By KC Stanfield
A state assemblymember from San Diego is working to ensure law enforcement agencies across California follow the same rules when they adopt body-worn cameras.
On April 30, the Assembly Privacy and Consumer Protection Committee narrowly passed Shirley Weber’s Assembly Bill 66, which sets specific rules for agencies that require peace officers to wear cameras, such as notifying citizens when they are being recorded. This means most law enforcement agencies will operate body cameras under the same rules.
“I have about five law-enforcement agencies in my district,” Weber said, referring to the police departments of La Mesa, San Diego, Chula Vista and National City, as well as the county Sheriff’s Department.
“We need to establish consistency statewide for the use of body cameras so that citizens know where they stand and so that they aren’t abused in a way that undermines their original intent — re-establishing trust between law enforcement and communities of color,” Weber said.
There have been many recent high-profile incidents of police officers shooting unarmed citizens, many of whom have been minorities. The August 2014 shooting of Michael Brown in Ferguson, Missouri, sparked protests across the country. During the committee hearing, Weber referenced a more recent incident in North Charleston, South Carolina, where a bystander’s video showed a police officer shooting an unarmed Walter “Lamar” Scott in the back as he ran from the officer. Scott died moments later.
To prevent events like these and potentially protect the law enforcement agencies against false claims of abuse, local governments and police departments have implemented laws or policies requiring officers to wear cameras.
The San Diego Police Department began experimenting with body-worn cameras in January 2014. According to a recent report SDPD gave to a City Council committee, complaints are down 40.5 percent, the use of “personal body” force by officers has fallen by 46.5 percent and use of pepper spray decreased by 30.5 percent since the cameras were adopted.
As originally written, A.B. 66 would have forbidden officers from viewing the video until after they file an initial report in use-of-force incidents that result in serious bodily injury or death. This was, by far, the most controversial element of the bill at its first committee hearing.
Both the NAACP and the American Civil Liberties Union expressed support for the idea of officers depending on their memories for their initial report.
“There’s an issue of fairness,” said Kellen Russoniello, a staff attorney for the local ACLU chapter, in a recent interview with KPBS. “Police being shown the video can potentially tailor their statements. Law enforcement is getting special treatment, but the community is not.”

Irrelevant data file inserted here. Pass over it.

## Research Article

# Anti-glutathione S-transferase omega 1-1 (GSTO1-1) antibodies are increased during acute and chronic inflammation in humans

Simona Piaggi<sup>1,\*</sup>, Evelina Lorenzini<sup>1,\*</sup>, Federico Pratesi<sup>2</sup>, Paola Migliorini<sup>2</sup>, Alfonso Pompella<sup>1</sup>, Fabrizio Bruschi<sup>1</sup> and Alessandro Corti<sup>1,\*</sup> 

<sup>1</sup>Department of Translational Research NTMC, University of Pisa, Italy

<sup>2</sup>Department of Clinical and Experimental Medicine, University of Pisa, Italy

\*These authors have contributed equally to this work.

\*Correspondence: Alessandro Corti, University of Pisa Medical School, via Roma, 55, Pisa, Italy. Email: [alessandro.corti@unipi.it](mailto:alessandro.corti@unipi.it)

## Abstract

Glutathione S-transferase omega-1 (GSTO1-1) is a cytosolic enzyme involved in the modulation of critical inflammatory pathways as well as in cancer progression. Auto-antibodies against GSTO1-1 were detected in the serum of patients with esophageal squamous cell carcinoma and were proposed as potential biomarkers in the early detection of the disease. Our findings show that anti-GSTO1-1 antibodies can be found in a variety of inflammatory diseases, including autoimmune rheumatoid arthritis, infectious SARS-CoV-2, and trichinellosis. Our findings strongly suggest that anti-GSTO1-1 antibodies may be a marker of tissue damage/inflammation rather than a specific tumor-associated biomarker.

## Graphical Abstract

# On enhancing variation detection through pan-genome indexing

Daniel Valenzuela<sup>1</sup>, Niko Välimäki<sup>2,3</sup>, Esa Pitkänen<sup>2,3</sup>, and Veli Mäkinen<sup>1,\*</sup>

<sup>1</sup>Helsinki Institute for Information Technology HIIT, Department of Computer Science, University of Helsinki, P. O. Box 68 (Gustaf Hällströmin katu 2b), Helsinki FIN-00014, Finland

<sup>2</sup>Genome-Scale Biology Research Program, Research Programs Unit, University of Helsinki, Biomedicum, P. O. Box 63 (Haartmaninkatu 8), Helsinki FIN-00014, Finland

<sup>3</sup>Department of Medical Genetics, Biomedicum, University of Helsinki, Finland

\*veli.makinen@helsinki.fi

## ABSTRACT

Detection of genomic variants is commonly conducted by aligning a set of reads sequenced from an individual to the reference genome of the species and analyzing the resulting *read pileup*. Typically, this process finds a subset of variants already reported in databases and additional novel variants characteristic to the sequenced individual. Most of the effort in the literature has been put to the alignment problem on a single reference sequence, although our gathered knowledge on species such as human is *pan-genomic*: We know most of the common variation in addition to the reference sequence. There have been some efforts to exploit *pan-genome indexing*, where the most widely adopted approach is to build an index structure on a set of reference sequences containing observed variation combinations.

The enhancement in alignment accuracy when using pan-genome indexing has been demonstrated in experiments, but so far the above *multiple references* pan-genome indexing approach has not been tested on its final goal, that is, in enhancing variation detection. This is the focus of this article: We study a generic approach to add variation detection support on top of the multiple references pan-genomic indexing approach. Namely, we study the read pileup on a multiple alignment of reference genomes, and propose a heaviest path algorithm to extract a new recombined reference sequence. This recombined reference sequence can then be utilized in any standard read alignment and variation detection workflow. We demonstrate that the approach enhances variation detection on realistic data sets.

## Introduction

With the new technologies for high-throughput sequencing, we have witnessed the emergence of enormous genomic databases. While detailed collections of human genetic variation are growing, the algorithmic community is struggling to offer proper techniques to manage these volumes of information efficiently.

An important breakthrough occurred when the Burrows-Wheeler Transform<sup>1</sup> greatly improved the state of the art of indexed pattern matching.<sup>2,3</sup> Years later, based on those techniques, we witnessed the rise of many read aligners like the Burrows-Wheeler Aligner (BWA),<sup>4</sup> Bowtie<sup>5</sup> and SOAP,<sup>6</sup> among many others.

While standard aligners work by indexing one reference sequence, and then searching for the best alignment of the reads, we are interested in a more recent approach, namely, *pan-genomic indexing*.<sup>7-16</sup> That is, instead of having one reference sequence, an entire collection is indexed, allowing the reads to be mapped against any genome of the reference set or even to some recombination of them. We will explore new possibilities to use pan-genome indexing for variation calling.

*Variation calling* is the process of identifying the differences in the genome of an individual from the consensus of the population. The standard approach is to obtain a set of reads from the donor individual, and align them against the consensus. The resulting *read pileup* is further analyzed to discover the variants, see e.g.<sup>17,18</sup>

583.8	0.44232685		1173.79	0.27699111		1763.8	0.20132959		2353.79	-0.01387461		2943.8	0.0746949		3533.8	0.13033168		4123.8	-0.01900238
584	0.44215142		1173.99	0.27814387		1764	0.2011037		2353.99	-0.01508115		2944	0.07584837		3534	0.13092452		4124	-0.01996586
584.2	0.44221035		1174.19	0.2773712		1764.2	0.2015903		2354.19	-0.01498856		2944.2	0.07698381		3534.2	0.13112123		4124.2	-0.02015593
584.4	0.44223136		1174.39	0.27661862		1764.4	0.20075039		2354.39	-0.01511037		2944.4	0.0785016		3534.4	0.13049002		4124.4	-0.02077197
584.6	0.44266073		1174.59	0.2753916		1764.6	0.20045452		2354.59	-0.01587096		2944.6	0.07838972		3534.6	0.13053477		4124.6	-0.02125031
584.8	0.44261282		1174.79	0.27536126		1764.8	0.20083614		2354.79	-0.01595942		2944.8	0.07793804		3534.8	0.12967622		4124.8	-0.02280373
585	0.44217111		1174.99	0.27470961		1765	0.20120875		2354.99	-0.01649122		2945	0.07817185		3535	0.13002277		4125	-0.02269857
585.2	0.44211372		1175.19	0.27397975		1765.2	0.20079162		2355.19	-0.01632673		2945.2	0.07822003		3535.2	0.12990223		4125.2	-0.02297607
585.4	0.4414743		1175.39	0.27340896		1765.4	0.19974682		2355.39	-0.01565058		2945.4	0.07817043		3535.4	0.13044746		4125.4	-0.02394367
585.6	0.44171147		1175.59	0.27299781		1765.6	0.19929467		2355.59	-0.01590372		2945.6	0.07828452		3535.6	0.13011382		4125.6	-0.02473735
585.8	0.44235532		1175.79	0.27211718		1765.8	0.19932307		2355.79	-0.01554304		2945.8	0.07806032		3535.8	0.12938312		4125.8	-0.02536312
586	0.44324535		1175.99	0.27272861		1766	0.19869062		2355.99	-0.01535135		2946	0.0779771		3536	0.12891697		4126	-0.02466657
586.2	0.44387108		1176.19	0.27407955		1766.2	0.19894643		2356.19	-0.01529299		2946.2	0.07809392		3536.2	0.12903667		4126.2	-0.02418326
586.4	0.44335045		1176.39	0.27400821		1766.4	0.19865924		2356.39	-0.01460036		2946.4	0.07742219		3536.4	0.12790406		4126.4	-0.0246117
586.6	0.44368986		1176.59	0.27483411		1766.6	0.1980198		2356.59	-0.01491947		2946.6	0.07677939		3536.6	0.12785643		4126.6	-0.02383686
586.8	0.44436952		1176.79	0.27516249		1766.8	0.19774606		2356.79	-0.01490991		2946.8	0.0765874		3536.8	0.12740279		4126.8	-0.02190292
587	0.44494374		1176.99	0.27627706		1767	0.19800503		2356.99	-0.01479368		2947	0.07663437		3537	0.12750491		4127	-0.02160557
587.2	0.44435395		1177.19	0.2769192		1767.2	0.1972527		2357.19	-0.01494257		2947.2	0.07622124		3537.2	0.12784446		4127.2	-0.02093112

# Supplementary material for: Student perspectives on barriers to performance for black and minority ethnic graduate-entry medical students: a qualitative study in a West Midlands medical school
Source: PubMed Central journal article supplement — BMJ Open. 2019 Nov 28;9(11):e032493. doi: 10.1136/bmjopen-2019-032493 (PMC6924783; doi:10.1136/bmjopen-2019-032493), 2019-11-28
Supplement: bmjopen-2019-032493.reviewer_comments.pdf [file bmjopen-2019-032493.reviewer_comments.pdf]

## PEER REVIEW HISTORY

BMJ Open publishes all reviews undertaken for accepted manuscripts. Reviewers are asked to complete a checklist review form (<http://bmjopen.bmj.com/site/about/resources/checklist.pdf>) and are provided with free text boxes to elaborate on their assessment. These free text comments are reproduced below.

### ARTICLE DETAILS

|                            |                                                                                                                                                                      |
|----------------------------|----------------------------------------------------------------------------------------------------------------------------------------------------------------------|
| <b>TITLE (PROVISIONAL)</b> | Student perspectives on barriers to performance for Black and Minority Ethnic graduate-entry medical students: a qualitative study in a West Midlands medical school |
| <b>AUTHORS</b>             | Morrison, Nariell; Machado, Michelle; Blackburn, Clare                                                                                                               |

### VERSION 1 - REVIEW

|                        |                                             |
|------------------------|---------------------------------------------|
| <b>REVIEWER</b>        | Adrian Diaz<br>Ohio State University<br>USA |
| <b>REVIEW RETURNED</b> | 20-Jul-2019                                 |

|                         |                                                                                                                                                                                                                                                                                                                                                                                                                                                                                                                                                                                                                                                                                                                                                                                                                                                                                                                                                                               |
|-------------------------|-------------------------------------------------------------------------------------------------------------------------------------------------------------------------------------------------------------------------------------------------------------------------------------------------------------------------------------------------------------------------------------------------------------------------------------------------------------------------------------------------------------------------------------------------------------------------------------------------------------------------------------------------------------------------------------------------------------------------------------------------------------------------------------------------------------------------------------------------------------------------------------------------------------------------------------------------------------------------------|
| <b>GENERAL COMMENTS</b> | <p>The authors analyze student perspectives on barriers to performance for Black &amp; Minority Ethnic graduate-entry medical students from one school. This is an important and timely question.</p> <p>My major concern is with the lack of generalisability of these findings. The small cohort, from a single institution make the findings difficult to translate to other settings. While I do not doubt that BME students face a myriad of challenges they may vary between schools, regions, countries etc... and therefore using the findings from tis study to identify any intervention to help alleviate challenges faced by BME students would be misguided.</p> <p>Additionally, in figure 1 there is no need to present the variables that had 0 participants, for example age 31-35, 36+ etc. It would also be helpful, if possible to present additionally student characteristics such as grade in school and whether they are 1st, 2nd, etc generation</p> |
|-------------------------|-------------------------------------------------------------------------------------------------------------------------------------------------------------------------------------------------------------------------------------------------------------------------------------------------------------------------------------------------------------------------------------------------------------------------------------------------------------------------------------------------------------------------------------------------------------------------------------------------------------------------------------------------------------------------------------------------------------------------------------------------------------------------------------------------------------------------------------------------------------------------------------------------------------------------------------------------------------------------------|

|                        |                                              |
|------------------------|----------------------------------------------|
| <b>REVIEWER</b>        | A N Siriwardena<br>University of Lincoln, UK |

Most people who spoke in support of or against the bill agreed that police body cameras are necessary, but many said they had reservations because of this section of the bill. SDPD was among this group.
Randy Perry, who represented the Peace Officers Research Association of California, which initially opposed A.B. 66, said at the hearing that body cameras should be treated like every other piece of equipment that helps officers write their reports.
Others argued that having two conflicting reports could be used against the police officer and agency in court. Some police chiefs said if officers were not allowed to review video before writing their reports, they would be opposed to wearing body cameras altogether.
“The prescriptive nature of this bill, as written, could have unintended consequences of not allowing or not wanting agencies to now adopt body-worn camera systems,” Oxnard Police Chief Jeri Williams said.
To win majority support, the bill was amended to require all agencies with body cameras allowing officers to look at the footage before their report. Weber agreed to the amendment.
“Because I want a bill that provides some leadership and transparency as we move forward in this, I wanted to make sure our body cameras didn’t become the next tool people didn’t believe in because it didn’t have enough transparency or enough engagement in it,” Weber said. “That’s one of the reasons we looked at the piece about can you view it, can you not view it. It’s not a gotcha thing. It was really about trying to restore confidence.”
Agencies that already prohibit officers from reviewing video before writing reports, such as Oakland Police Department, will be allowed to keep those policies in place.
“We at the police department believe it was very important to get the officer’s recollection and their perception of what occurred prior to watching the video, because that’s what we’re really interested in,” Oakland Police Chief Sean Whent said.
In cases of sexual or domestic violence, the original version of the bill would have allowed victims to request the cameras to be turned off. That provision was removed, but that footage will not be available under the Public Records Act in order to protect the victims’ privacy.
The bill would also allow people to request the cameras be turned off when police are in a private residence without a warrant during a non-emergency situation. Other circumstances in which the cameras may be turned off would include: when the officer enters a medical facility where patients may be in view, when the officer responds to an accident or illness where the victim isn’t involved in any criminal activity.
A.B. 66 will next be heard in the Appropriations Committee before heading to an Assembly floor vote in early May. However, if the Assembly Privacy and Consumer Protection Committee is not pleased with the official amendments, it has the authority to pull the bill back.
—KC Stanfield is an SDCNN editorial intern. Please direct questions or feedback about this article to the editor at firstname.lastname@example.org.